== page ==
McChrystal’s unique selling proposition was that he had brought certain ideas from systems engineering to bear on the Joint Special Operations Task Force (War Machine calls the process “SNORPP”); after his service, he would bring those ideas back to bear on non-military organizations. You might think that after three quarters of a century, executives would have tired of hearing of the profitable joys of systems engineering in its various forms, of its successes at Toyota, or GE, or NASA. But they have not. They love this stuff. CBS was able to reuse its 60 Minutes footage of McChrystal jogging oddly in Afghanistan as the lead-in to a scene depicting corporate types paying handsomely for the privilege of jogging oddly alongside him through DC before — and I am begging you to click through and watch this — pausing in front of the Lincoln Memorial while McChrystal delivers a leadership talk next to an easel with pictures of Lincoln and his generals that might just as easily have been generated for a fifth-grade history class. Books, presentations, consulting: this is the post-military model.
Disgraced General Michael Flynn had served as McChrystal’s number two in Afghanistan — he and his wife actually accompanied McChrystal and his at the anniversary dinner — and followed him down the book-and-consulting path. In fact, he followed him so closely that his organization, the Flynn Intel Group, was incorporated using McChrystal’s DC address as its headquarters. But the Flynntel Group never possessed the polish to take their post-service careers to the next level of prestige, to find a respected institution of higher learning to endorse the scholar portion of the warrior-scholar dyad. McChrystal did and now teaches at Yale’s Jackson Institute for Global Affairs.
Across the American academy, you will find this grift. Go ahead, poke around on your alma mater’s website, or the site of the nearest research university. Find the leadership institute or the global affairs center. There, among the temporarily embarrassed politicians and the decision-theorists, you’ll find these post-career military guys, many of them running lucrative consultancies on the side. Occasionally, the academy manages some push back. Karl Eikenberry, former general and ambassador to Afghanistan who clashed with McChrystal there, bailed on his Northwestern gig when he encountered friction. Petraeus, of course, was brought up on charges and nearly chased out of CUNY. He still has affiliations all over the place, including Harvard’s Kennedy School and USC, where I teach.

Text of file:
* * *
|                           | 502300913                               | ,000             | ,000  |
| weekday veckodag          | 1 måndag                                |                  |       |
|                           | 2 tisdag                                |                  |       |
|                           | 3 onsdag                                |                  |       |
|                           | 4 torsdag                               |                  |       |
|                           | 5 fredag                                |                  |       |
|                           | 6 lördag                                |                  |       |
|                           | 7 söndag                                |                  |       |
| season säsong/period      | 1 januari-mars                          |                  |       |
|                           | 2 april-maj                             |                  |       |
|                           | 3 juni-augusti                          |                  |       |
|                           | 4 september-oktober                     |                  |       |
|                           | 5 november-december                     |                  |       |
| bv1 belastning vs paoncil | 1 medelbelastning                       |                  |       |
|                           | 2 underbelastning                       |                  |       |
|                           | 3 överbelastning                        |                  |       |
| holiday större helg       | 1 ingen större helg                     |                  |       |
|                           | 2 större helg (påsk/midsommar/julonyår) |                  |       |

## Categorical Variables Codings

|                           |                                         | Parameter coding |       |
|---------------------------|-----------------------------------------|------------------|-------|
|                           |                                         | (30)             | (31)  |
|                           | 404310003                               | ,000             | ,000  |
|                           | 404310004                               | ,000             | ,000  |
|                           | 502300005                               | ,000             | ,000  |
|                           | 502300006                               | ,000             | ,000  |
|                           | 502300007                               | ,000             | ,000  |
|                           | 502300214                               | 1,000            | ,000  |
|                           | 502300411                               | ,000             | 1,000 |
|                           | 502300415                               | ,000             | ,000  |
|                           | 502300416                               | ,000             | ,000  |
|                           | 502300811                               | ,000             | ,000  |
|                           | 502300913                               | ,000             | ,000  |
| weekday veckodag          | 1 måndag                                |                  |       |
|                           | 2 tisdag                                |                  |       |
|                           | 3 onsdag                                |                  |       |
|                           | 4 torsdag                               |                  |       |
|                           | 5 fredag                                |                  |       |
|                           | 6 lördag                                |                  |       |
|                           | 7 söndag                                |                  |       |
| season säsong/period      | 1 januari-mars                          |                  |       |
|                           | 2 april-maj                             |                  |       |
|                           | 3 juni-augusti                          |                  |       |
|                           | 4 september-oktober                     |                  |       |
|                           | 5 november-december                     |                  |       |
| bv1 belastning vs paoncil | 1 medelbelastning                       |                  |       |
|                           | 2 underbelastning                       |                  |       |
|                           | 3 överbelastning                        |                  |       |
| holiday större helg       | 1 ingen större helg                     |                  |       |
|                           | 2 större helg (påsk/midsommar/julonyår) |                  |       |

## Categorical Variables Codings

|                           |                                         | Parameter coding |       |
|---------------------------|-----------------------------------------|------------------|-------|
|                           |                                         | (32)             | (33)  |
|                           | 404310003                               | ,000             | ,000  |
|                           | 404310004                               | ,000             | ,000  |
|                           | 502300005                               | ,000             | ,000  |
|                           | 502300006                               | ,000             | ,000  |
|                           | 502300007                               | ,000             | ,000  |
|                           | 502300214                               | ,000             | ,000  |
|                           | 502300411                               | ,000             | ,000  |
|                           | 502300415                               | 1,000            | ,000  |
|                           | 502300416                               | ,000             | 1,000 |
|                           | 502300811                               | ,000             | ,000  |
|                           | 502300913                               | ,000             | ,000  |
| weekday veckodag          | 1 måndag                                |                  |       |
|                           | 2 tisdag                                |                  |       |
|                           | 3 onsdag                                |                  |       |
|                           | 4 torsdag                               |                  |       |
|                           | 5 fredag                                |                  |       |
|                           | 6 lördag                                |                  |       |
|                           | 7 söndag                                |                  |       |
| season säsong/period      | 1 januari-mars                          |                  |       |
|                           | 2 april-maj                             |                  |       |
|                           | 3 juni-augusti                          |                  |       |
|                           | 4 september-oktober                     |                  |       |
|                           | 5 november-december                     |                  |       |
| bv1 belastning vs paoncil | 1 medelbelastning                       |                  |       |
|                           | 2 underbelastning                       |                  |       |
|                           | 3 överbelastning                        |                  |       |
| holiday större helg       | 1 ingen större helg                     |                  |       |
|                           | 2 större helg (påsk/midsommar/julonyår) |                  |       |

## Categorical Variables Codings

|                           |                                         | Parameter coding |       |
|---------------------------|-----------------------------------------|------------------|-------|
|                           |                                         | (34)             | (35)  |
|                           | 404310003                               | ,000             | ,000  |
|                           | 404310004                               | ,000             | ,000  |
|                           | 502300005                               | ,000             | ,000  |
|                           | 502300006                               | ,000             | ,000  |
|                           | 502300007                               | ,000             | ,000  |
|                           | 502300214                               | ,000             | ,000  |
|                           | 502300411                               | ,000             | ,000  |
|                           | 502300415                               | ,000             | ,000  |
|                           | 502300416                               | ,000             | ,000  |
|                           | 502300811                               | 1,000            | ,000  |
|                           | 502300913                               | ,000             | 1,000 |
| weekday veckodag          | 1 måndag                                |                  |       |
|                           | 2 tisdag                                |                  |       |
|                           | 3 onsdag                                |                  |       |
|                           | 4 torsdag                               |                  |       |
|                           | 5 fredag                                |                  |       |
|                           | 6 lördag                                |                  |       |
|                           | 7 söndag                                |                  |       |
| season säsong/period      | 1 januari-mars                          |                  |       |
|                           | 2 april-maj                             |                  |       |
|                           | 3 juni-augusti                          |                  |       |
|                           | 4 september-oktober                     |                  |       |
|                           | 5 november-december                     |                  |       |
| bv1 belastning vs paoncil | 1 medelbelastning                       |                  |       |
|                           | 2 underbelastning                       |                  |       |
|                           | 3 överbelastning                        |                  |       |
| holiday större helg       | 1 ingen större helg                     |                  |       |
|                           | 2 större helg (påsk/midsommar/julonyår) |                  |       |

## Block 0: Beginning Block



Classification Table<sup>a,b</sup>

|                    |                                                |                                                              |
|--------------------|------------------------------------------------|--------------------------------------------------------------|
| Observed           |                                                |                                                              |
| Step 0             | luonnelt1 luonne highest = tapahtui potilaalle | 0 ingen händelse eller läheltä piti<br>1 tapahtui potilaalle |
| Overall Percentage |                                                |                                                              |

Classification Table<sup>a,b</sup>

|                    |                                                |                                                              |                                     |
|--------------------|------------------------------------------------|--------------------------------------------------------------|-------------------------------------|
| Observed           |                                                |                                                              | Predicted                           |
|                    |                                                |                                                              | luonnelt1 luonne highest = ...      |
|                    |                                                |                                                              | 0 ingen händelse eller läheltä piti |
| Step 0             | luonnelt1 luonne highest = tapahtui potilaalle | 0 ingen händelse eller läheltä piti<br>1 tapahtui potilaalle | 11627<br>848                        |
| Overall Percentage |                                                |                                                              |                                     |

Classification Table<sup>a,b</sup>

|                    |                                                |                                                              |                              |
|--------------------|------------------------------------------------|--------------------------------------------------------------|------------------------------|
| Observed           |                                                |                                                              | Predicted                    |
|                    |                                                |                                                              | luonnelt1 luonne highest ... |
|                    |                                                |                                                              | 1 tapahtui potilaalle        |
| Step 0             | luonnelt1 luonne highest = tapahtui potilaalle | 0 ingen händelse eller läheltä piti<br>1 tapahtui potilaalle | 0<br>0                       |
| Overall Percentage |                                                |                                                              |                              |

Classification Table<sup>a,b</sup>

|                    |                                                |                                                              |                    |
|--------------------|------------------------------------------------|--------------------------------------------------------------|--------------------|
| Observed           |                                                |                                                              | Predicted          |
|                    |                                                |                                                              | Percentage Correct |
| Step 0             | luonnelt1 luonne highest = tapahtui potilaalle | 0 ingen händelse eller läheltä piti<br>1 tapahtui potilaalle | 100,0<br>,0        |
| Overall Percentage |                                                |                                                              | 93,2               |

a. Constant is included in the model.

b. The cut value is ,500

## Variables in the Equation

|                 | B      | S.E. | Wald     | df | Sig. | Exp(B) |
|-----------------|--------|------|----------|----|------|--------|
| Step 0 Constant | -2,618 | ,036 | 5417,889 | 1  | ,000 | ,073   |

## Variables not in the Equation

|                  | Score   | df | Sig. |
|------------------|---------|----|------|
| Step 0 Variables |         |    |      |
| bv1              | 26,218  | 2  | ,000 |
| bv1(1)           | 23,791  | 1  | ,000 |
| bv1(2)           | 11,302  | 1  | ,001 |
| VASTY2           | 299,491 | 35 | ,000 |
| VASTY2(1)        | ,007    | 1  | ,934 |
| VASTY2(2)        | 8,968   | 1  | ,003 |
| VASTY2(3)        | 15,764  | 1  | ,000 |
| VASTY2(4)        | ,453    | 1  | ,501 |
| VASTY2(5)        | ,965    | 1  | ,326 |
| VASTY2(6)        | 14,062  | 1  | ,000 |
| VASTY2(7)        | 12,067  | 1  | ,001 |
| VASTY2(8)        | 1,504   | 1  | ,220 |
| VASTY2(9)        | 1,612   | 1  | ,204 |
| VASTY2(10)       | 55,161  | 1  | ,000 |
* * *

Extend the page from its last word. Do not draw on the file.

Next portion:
But more often than not, these guys fit in. And why not? They give administrators ready examples of non-leftists on campus, but they aren’t, by and large, doctrinaire right-wingers either. They get along well with big donors. A lot of students love them. They bear a unique emotional tone: they have seen some shit, man; they’ve kept it all inside and now, now, they’ll let you catch a glimpse of it. CBS’s national security correspondent asked McChrystal if he had a hole in his heart over getting fired, and the network actually let the interview end on McChrystal’s words: “I would be dishonest to say that I didn’t lose something that, that meant an awful lot to me. Be dishonest to say that it doesn’t still hurt.”
This cult of white, male, warrior-scholar sentimentality is the engine of the contemporary war machine. The hole in the warrior’s heart is the very last remnant of our belief in meritocracy. They are deserving because they suffer more authentically the burdens of command. This sentimentality also abets today’s cult of the CEO, now cast as the Fearless Disruptor, now as the pain-feeling Canceller of Good Television. At companies like Ace Hardware and Intuit, the CEO’s decisions aren’t life and death, but by leaning on the pathos of the retired general, they can make it seem like the adoption of new strategies to maximize profits is just as fraught. (They’ll blurb McChrystal’s books if he blurbs theirs. This, of course, happened.) Warrior-scholars are models worth looking up to, not subjects of satire.
War Machine nearly figures out that McMahons can’t be snarked out of existence — ridicule only makes them hurt more, only makes the sad-boy-behind-the-uniform more powerful later on. Again, such ironies dissolve with Trump in power. As Rebecca Solnit explains, he is the most mocked man in the world. In his scattershot pronouncements, we get all the peek-a-boo of pain without any strategy at all. Instead of bearing the burden manfully-but-theatrically, we get petulance.
There is no doubt that Trump’s emotional life lies at the center of US culture today. Still, the warrior class remains deeply embedded in our major institutions, nearly immune to critique despite its failures. Unable to commit to its satire, War Machine tries outsourcing its criticism to black and brown soldiers on the front lines, a female European, a dissolute Afghan, a pair of callow DC operators, voicing all of them through a weaselly (white, male) journalist. That fails, too. It’s not clear what would work. As I said, the music almost does.
J. D. Connor is an associate professor of Cinema and Media Studies at the University of Southern California. His book on neoclassical Hollywood, The Studios After the Studios, was published in 2015 by Stanford.